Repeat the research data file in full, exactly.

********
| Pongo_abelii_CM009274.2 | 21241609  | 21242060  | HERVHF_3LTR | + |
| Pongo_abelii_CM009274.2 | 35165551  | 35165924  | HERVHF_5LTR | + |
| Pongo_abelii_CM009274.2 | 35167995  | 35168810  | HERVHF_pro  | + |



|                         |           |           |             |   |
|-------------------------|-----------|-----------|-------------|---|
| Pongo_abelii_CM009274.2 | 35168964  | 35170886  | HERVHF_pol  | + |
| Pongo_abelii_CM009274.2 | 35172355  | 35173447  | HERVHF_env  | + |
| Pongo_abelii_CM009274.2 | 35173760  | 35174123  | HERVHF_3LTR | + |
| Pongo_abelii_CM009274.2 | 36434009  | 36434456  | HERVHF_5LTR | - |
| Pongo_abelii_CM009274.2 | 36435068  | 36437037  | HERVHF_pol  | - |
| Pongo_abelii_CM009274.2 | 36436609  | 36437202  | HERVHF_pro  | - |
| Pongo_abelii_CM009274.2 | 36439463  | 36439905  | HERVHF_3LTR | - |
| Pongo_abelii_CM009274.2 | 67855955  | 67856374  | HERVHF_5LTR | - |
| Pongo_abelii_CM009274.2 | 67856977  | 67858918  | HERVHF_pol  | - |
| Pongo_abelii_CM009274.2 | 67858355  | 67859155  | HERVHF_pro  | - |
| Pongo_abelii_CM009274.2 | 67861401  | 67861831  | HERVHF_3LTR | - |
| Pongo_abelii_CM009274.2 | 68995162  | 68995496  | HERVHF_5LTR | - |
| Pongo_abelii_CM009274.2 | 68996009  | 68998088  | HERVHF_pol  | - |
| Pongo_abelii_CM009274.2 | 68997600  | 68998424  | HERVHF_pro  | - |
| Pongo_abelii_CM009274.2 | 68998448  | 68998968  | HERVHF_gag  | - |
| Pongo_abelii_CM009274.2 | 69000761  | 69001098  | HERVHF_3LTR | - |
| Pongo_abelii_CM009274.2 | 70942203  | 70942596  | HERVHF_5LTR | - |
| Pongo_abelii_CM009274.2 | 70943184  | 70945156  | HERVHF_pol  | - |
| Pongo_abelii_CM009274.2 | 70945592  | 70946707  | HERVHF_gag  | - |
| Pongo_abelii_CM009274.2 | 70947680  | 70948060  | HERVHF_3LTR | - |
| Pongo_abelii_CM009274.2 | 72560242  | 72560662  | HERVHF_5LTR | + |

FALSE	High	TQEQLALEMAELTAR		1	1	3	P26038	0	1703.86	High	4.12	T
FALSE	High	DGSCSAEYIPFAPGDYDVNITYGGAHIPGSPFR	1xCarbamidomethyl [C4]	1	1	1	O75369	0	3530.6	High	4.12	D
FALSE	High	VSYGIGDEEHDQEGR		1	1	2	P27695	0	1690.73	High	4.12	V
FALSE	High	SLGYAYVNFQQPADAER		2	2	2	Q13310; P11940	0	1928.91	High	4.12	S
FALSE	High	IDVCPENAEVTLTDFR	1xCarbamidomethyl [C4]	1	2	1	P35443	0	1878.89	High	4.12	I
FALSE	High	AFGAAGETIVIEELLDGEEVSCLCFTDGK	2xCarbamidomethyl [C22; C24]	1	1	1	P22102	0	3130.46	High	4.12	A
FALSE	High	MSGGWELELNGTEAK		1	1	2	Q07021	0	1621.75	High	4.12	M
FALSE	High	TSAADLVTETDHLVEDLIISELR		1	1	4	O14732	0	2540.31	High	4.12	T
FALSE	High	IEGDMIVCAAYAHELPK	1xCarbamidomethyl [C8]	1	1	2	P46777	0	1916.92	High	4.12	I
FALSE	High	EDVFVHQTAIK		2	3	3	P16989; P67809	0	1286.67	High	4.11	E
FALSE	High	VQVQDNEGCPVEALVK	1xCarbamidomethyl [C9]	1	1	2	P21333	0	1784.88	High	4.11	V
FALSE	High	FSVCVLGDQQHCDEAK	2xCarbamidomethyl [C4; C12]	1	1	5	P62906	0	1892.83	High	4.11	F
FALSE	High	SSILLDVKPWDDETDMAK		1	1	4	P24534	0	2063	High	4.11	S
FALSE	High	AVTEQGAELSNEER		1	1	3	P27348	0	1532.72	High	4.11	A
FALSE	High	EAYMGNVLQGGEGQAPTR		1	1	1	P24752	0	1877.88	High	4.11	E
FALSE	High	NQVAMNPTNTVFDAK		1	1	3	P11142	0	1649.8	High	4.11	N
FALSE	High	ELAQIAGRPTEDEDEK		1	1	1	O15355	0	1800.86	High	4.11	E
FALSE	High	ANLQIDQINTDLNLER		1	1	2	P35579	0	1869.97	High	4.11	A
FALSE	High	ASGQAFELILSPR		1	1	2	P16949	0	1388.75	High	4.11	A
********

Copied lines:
| Pongo_abelii_CM009274.2 | 21241609  | 21242060  | HERVHF_3LTR | + |
| Pongo_abelii_CM009274.2 | 35165551  | 35165924  | HERVHF_5LTR | + |
| Pongo_abelii_CM009274.2 | 35167995  | 35168810  | HERVHF_pro  | + |



|                         |           |           |             |   |
|-------------------------|-----------|-----------|-------------|---|
| Pongo_abelii_CM009274.2 | 35168964  | 35170886  | HERVHF_pol  | + |
| Pongo_abelii_CM009274.2 | 35172355  | 35173447  | HERVHF_env  | + |
| Pongo_abelii_CM009274.2 | 35173760  | 35174123  | HERVHF_3LTR | + |
| Pongo_abelii_CM009274.2 | 36434009  | 36434456  | HERVHF_5LTR | - |
| Pongo_abelii_CM009274.2 | 36435068  | 36437037  | HERVHF_pol  | - |
| Pongo_abelii_CM009274.2 | 36436609  | 36437202  | HERVHF_pro  | - |
| Pongo_abelii_CM009274.2 | 36439463  | 36439905  | HERVHF_3LTR | - |
| Pongo_abelii_CM009274.2 | 67855955  | 67856374  | HERVHF_5LTR | - |
| Pongo_abelii_CM009274.2 | 67856977  | 67858918  | HERVHF_pol  | - |
| Pongo_abelii_CM009274.2 | 67858355  | 67859155  | HERVHF_pro  | - |
| Pongo_abelii_CM009274.2 | 67861401  | 67861831  | HERVHF_3LTR | - |
| Pongo_abelii_CM009274.2 | 68995162  | 68995496  | HERVHF_5LTR | - |
| Pongo_abelii_CM009274.2 | 68996009  | 68998088  | HERVHF_pol  | - |
| Pongo_abelii_CM009274.2 | 68997600  | 68998424  | HERVHF_pro  | - |
| Pongo_abelii_CM009274.2 | 68998448  | 68998968  | HERVHF_gag  | - |
| Pongo_abelii_CM009274.2 | 69000761  | 69001098  | HERVHF_3LTR | - |
| Pongo_abelii_CM009274.2 | 70942203  | 70942596  | HERVHF_5LTR | - |
| Pongo_abelii_CM009274.2 | 70943184  | 70945156  | HERVHF_pol  | - |
| Pongo_abelii_CM009274.2 | 70945592  | 70946707  | HERVHF_gag  | - |
| Pongo_abelii_CM009274.2 | 70947680  | 70948060  | HERVHF_3LTR | - |
| Pongo_abelii_CM009274.2 | 72560242  | 72560662  | HERVHF_5LTR | + |

FALSE	High	TQEQLALEMAELTAR		1	1	3	P26038	0	1703.86	High	4.12	T
FALSE	High	DGSCSAEYIPFAPGDYDVNITYGGAHIPGSPFR	1xCarbamidomethyl [C4]	1	1	1	O75369	0	3530.6	High	4.12	D
FALSE	High	VSYGIGDEEHDQEGR		1	1	2	P27695	0	1690.73	High	4.12	V
FALSE	High	SLGYAYVNFQQPADAER		2	2	2	Q13310; P11940	0	1928.91	High	4.12	S
FALSE	High	IDVCPENAEVTLTDFR	1xCarbamidomethyl [C4]	1	2	1	P35443	0	1878.89	High	4.12	I
FALSE	High	AFGAAGETIVIEELLDGEEVSCLCFTDGK	2xCarbamidomethyl [C22; C24]	1	1	1	P22102	0	3130.46	High	4.12	A
FALSE	High	MSGGWELELNGTEAK		1	1	2	Q07021	0	1621.75	High	4.12	M
FALSE	High	TSAADLVTETDHLVEDLIISELR		1	1	4	O14732	0	2540.31	High	4.12	T
FALSE	High	IEGDMIVCAAYAHELPK	1xCarbamidomethyl [C8]	1	1	2	P46777	0	1916.92	High	4.12	I
FALSE	High	EDVFVHQTAIK		2	3	3	P16989; P67809	0	1286.67	High	4.11	E
FALSE	High	VQVQDNEGCPVEALVK	1xCarbamidomethyl [C9]	1	1	2	P21333	0	1784.88	High	4.11	V
FALSE	High	FSVCVLGDQQHCDEAK	2xCarbamidomethyl [C4; C12]	1	1	5	P62906	0	1892.83	High	4.11	F
FALSE	High	SSILLDVKPWDDETDMAK		1	1	4	P24534	0	2063	High	4.11	S
FALSE	High	AVTEQGAELSNEER		1	1	3	P27348	0	1532.72	High	4.11	A
FALSE	High	EAYMGNVLQGGEGQAPTR		1	1	1	P24752	0	1877.88	High	4.11	E
FALSE	High	NQVAMNPTNTVFDAK		1	1	3	P11142	0	1649.8	High	4.11	N
FALSE	High	ELAQIAGRPTEDEDEK		1	1	1	O15355	0	1800.86	High	4.11	E
FALSE	High	ANLQIDQINTDLNLER		1	1	2	P35579	0	1869.97	High	4.11	A
FALSE	High	ASGQAFELILSPR		1	1	2	P16949	0	1388.75	High	4.11	A